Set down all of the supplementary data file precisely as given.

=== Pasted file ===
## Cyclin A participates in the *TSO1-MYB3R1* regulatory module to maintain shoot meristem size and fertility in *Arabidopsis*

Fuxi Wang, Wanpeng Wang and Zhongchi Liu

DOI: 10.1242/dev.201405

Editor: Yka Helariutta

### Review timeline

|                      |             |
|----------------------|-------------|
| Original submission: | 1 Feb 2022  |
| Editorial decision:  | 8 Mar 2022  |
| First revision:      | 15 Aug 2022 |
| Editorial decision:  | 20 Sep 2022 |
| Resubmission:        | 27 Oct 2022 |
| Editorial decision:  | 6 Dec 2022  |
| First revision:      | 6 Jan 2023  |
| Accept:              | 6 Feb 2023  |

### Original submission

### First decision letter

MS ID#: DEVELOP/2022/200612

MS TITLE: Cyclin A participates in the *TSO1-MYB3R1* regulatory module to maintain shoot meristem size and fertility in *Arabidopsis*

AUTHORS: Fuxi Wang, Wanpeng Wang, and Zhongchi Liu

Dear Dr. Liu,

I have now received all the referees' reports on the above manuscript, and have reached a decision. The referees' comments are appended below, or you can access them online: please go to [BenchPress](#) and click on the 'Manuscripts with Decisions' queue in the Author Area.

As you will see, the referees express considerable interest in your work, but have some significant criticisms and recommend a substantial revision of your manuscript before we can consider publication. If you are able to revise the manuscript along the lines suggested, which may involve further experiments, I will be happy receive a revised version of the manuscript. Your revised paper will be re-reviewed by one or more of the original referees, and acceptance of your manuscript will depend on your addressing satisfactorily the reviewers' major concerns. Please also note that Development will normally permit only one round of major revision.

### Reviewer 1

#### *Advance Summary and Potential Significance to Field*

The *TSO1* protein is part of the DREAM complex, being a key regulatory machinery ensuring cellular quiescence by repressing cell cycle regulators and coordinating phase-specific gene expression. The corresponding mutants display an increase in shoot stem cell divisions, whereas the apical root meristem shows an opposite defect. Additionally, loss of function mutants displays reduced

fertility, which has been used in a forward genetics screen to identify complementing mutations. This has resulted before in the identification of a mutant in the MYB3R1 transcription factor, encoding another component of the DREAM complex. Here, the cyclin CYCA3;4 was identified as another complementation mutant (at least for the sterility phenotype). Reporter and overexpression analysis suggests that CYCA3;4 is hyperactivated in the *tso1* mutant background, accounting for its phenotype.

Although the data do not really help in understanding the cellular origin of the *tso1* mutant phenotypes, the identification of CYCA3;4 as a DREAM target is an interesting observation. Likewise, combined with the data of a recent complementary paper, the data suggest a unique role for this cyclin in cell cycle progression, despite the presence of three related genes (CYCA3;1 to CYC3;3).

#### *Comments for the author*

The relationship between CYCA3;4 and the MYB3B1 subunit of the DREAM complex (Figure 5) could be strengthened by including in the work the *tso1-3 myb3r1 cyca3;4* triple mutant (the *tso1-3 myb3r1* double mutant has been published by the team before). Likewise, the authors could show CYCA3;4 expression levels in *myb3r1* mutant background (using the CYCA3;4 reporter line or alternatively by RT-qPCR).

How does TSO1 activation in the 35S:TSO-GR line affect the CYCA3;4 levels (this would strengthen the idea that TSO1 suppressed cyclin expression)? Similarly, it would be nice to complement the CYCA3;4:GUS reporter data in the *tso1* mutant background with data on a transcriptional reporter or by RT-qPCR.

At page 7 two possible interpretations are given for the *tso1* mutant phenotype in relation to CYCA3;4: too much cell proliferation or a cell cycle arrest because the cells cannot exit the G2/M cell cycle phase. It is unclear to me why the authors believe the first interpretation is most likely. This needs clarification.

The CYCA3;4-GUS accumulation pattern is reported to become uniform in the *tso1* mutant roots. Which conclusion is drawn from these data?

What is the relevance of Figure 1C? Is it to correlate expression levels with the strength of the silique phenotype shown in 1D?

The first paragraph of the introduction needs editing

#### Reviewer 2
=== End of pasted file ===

## Cyclin A participates in the *TSO1-MYB3R1* regulatory module to maintain shoot meristem size and fertility in *Arabidopsis*

Fuxi Wang, Wanpeng Wang and Zhongchi Liu

DOI: 10.1242/dev.201405

Editor: Yka Helariutta

### Review timeline

|                      |             |
|----------------------|-------------|
| Original submission: | 1 Feb 2022  |
| Editorial decision:  | 8 Mar 2022  |
| First revision:      | 15 Aug 2022 |
| Editorial decision:  | 20 Sep 2022 |
| Resubmission:        | 27 Oct 2022 |
| Editorial decision:  | 6 Dec 2022  |
| First revision:      | 6 Jan 2023  |
| Accept:              | 6 Feb 2023  |

### Original submission

### First decision letter

MS ID#: DEVELOP/2022/200612

MS TITLE: Cyclin A participates in the *TSO1-MYB3R1* regulatory module to maintain shoot meristem size and fertility in *Arabidopsis*

AUTHORS: Fuxi Wang, Wanpeng Wang, and Zhongchi Liu

Dear Dr. Liu,

I have now received all the referees' reports on the above manuscript, and have reached a decision. The referees' comments are appended below, or you can access them online: please go to [BenchPress](#) and click on the 'Manuscripts with Decisions' queue in the Author Area.

As you will see, the referees express considerable interest in your work, but have some significant criticisms and recommend a substantial revision of your manuscript before we can consider publication. If you are able to revise the manuscript along the lines suggested, which may involve further experiments, I will be happy receive a revised version of the manuscript. Your revised paper will be re-reviewed by one or more of the original referees, and acceptance of your manuscript will depend on your addressing satisfactorily the reviewers' major concerns. Please also note that Development will normally permit only one round of major revision.

### Reviewer 1

#### *Advance Summary and Potential Significance to Field*

The *TSO1* protein is part of the DREAM complex, being a key regulatory machinery ensuring cellular quiescence by repressing cell cycle regulators and coordinating phase-specific gene expression. The corresponding mutants display an increase in shoot stem cell divisions, whereas the apical root meristem shows an opposite defect. Additionally, loss of function mutants displays reduced

fertility, which has been used in a forward genetics screen to identify complementing mutations. This has resulted before in the identification of a mutant in the MYB3R1 transcription factor, encoding another component of the DREAM complex. Here, the cyclin CYCA3;4 was identified as another complementation mutant (at least for the sterility phenotype). Reporter and overexpression analysis suggests that CYCA3;4 is hyperactivated in the *tso1* mutant background, accounting for its phenotype.

Although the data do not really help in understanding the cellular origin of the *tso1* mutant phenotypes, the identification of CYCA3;4 as a DREAM target is an interesting observation. Likewise, combined with the data of a recent complementary paper, the data suggest a unique role for this cyclin in cell cycle progression, despite the presence of three related genes (CYCA3;1 to CYC3;3).

#### *Comments for the author*

The relationship between CYCA3;4 and the MYB3B1 subunit of the DREAM complex (Figure 5) could be strengthened by including in the work the *tso1-3 myb3r1 cyca3;4* triple mutant (the *tso1-3 myb3r1* double mutant has been published by the team before). Likewise, the authors could show CYCA3;4 expression levels in *myb3r1* mutant background (using the CYCA3;4 reporter line or alternatively by RT-qPCR).

How does TSO1 activation in the 35S:TSO-GR line affect the CYCA3;4 levels (this would strengthen the idea that TSO1 suppressed cyclin expression)? Similarly, it would be nice to complement the CYCA3;4:GUS reporter data in the *tso1* mutant background with data on a transcriptional reporter or by RT-qPCR.

At page 7 two possible interpretations are given for the *tso1* mutant phenotype in relation to CYCA3;4: too much cell proliferation or a cell cycle arrest because the cells cannot exit the G2/M cell cycle phase. It is unclear to me why the authors believe the first interpretation is most likely. This needs clarification.

The CYCA3;4-GUS accumulation pattern is reported to become uniform in the *tso1* mutant roots. Which conclusion is drawn from these data?

What is the relevance of Figure 1C? Is it to correlate expression levels with the strength of the silique phenotype shown in 1D?

The first paragraph of the introduction needs editing

#### Reviewer 2